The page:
So we will stand out in the same way everyone else does. Do you go to a restaurant and ask for canned and frozen ingredients?

It’s only online content. You have one brand. Not an online brand and an offline brand. The same principles and integrity you demand from your traditional agency must be applied to content. Is the work on brand? Does it impart useful information? Is it brilliantly executed? Is it interesting, watchable?

George Lois at MoMA.

Very few advertising people have had a positive impact on our culture. Today commercials seem to involve the craven lust for something--a woman, a beer or a phony pill to ask your doctor about. Or they are a blight on our culture because their punchlines revolve around a fart, belch, bosom or talking baby. Or they are so shoddily written and conceived and directed with such lack of imagination that they wash over us like the flotsam and jetsam of a declining civilization.

Today's NYTimes has a nice article on George Lois. Lois was, in my opinion, someone who mattered. Though I didn't love his later ads, I admired his opus. Especially his Esquire covers, 31 of which are being featured at MoMA.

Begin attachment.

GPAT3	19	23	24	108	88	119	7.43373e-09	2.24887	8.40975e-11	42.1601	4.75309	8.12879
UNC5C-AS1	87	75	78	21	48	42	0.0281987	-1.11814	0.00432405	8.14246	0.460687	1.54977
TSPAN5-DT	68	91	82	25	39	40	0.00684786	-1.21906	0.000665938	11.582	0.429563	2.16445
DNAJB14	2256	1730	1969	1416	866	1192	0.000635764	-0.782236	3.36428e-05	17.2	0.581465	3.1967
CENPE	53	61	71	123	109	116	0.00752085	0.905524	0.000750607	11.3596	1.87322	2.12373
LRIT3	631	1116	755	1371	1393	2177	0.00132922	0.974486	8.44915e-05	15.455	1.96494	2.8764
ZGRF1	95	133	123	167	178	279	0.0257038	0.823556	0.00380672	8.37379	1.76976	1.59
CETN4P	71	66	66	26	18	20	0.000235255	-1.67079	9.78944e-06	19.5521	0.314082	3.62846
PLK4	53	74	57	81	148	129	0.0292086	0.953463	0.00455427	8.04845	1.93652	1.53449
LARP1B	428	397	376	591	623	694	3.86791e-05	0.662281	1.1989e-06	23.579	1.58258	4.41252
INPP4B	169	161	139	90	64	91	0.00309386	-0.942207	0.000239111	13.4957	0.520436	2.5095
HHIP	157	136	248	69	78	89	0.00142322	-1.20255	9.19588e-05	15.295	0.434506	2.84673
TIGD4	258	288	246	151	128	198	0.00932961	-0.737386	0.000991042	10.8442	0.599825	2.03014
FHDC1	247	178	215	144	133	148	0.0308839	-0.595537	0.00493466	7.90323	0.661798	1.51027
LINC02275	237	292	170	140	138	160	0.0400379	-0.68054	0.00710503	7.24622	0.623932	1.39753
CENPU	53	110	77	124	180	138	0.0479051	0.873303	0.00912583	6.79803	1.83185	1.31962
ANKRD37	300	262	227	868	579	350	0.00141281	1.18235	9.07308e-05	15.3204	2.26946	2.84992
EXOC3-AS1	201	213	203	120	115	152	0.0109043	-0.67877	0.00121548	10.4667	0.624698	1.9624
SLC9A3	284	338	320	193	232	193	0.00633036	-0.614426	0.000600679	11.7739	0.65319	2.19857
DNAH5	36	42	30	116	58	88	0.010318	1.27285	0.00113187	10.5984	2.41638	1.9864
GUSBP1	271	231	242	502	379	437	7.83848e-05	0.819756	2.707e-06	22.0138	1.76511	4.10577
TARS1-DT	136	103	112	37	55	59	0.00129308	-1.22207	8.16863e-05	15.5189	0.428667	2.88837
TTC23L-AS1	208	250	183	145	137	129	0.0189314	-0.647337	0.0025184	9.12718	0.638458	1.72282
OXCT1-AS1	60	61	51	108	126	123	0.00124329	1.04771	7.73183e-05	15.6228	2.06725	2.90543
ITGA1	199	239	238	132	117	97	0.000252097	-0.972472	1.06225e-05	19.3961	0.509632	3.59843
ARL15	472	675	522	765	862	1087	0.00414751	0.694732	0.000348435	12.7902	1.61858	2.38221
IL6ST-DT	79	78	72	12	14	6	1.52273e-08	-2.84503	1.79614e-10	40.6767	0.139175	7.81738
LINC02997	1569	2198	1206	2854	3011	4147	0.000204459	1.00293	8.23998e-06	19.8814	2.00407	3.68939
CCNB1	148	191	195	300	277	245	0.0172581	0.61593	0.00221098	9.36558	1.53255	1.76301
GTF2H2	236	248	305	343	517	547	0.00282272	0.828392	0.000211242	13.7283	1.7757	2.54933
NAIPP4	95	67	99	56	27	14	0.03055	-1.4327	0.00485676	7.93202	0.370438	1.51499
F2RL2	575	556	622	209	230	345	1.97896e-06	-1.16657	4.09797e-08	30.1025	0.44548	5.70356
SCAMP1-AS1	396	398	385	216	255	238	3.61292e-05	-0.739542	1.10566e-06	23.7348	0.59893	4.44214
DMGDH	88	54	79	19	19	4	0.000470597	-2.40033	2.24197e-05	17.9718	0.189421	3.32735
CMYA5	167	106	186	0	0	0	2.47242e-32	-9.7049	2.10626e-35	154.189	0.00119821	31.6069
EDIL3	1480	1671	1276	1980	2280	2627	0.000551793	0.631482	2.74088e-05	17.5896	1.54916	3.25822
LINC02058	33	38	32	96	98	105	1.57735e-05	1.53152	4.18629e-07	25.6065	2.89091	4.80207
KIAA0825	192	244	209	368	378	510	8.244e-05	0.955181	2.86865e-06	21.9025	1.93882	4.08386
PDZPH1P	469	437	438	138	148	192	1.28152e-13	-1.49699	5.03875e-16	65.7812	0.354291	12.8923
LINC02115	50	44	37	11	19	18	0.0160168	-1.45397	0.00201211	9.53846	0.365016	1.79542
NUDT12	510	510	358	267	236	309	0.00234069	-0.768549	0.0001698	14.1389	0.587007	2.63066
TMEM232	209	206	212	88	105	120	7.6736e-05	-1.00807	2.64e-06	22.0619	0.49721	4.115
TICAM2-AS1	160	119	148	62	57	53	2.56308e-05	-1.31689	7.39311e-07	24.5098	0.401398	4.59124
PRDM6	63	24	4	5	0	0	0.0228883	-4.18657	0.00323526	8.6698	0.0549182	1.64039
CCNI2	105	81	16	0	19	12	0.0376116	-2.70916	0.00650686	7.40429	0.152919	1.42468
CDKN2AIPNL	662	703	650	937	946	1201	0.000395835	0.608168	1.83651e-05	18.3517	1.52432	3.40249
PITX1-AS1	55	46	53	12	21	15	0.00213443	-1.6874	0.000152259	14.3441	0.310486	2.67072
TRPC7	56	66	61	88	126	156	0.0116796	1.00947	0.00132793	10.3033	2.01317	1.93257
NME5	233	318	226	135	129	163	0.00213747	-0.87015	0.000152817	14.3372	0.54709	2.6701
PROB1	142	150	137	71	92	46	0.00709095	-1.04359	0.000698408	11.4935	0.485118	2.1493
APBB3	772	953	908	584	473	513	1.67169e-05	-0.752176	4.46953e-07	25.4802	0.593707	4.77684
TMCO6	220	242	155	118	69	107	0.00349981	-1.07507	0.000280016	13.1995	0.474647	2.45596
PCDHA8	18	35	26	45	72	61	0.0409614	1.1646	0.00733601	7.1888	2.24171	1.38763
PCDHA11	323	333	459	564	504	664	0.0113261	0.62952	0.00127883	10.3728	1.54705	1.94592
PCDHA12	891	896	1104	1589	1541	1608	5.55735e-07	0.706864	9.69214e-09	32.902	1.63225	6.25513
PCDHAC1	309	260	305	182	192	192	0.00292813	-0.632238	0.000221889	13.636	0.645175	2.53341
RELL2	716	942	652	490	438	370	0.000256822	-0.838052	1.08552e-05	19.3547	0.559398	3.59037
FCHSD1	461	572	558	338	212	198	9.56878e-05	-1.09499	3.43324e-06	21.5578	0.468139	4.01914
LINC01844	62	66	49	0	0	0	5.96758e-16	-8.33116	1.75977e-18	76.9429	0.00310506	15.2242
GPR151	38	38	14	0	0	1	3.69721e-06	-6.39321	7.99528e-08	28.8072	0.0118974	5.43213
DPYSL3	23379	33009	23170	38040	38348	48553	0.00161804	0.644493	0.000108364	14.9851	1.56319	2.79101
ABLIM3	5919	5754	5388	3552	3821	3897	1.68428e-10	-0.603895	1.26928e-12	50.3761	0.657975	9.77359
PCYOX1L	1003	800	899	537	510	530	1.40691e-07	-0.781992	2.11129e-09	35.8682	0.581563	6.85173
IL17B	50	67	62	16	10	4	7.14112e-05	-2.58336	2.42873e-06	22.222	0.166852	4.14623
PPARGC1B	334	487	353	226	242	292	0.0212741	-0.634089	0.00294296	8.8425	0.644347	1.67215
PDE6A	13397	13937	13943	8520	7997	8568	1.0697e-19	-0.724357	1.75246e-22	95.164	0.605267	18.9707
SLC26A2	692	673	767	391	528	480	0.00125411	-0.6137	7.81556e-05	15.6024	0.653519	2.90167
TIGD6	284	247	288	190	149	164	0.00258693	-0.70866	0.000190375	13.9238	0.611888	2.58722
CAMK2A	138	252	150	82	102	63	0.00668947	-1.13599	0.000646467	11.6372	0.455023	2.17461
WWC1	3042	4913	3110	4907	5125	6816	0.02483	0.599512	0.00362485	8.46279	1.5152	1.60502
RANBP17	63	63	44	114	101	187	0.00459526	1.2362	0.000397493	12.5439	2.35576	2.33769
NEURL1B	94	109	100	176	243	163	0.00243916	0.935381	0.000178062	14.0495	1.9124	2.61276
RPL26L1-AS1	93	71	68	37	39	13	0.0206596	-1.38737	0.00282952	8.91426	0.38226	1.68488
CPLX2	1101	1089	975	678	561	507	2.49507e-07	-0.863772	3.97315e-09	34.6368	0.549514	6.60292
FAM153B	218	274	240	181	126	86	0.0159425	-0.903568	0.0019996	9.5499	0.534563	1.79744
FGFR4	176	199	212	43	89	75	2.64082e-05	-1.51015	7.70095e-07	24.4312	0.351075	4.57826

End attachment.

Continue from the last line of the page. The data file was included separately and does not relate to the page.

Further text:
Lois made images that stuck, that said something, that defined and focused. Mostly by breaking every rule there was. He believed in punching people in the face with his design. The three images here are all around 40-years old. They still speak--and loudly--without shouting.

A Mother's Day bra sale.

Some years ago, I saw an ad for, I think Lord & Taylor, announcing a Mother's Day Bra Sale. Bras 30% off for Mother's Day. Can anything be dumber? Or more Oedipal? A Mother's Day Sex Toy Sale, maybe.

This morning I saw an ad for AT&T Wireless announcing a Mother's Day phone sale. Same as a bra sale. Kinda.

I think there should be a law.

Don't run a Mother's Day ad selling things that Moms don't really want or that you won't really buy your Mom.

The Mother Teresa melded with Naomi Watts.

She had the compassion and the empathy of Mother Teresa.
The looks, I'm sure, of Naomi Watts.

My Kindle appeared to have died. I was panicked. It didn't turn on and didn't seem to be charging. Was it $400 down the tubes? Or two hours on hold down the tubes?